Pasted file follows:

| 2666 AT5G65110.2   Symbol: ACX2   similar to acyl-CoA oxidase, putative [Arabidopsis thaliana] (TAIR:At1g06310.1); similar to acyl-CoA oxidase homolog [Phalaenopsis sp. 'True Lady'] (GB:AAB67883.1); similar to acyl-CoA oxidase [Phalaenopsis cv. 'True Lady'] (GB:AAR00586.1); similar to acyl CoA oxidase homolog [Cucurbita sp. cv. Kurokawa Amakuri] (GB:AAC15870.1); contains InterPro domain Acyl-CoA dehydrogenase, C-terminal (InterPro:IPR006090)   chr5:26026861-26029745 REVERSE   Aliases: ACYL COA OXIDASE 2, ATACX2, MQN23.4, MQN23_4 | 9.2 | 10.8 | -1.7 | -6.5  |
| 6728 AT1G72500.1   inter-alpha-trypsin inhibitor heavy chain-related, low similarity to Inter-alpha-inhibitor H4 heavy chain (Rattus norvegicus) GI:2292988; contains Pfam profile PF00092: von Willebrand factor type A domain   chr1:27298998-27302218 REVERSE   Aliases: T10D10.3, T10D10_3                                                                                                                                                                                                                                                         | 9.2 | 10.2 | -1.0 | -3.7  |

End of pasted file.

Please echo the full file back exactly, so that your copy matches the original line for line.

| 2666 AT5G65110.2   Symbol: ACX2   similar to acyl-CoA oxidase, putative [Arabidopsis thaliana] (TAIR:At1g06310.1); similar to acyl-CoA oxidase homolog [Phalaenopsis sp. 'True Lady'] (GB:AAB67883.1); similar to acyl-CoA oxidase [Phalaenopsis cv. 'True Lady'] (GB:AAR00586.1); similar to acyl CoA oxidase homolog [Cucurbita sp. cv. Kurokawa Amakuri] (GB:AAC15870.1); contains InterPro domain Acyl-CoA dehydrogenase, C-terminal (InterPro:IPR006090)   chr5:26026861-26029745 REVERSE   Aliases: ACYL COA OXIDASE 2, ATACX2, MQN23.4, MQN23_4 | 9.2 | 10.8 | -1.7 | -6.5  |
| 6728 AT1G72500.1   inter-alpha-trypsin inhibitor heavy chain-related, low similarity to Inter-alpha-inhibitor H4 heavy chain (Rattus norvegicus) GI:2292988; contains Pfam profile PF00092: von Willebrand factor type A domain   chr1:27298998-27302218 REVERSE   Aliases: T10D10.3, T10D10_3                                                                                                                                                                                                                                                         | 9.2 | 10.2 | -1.0 | -3.7  |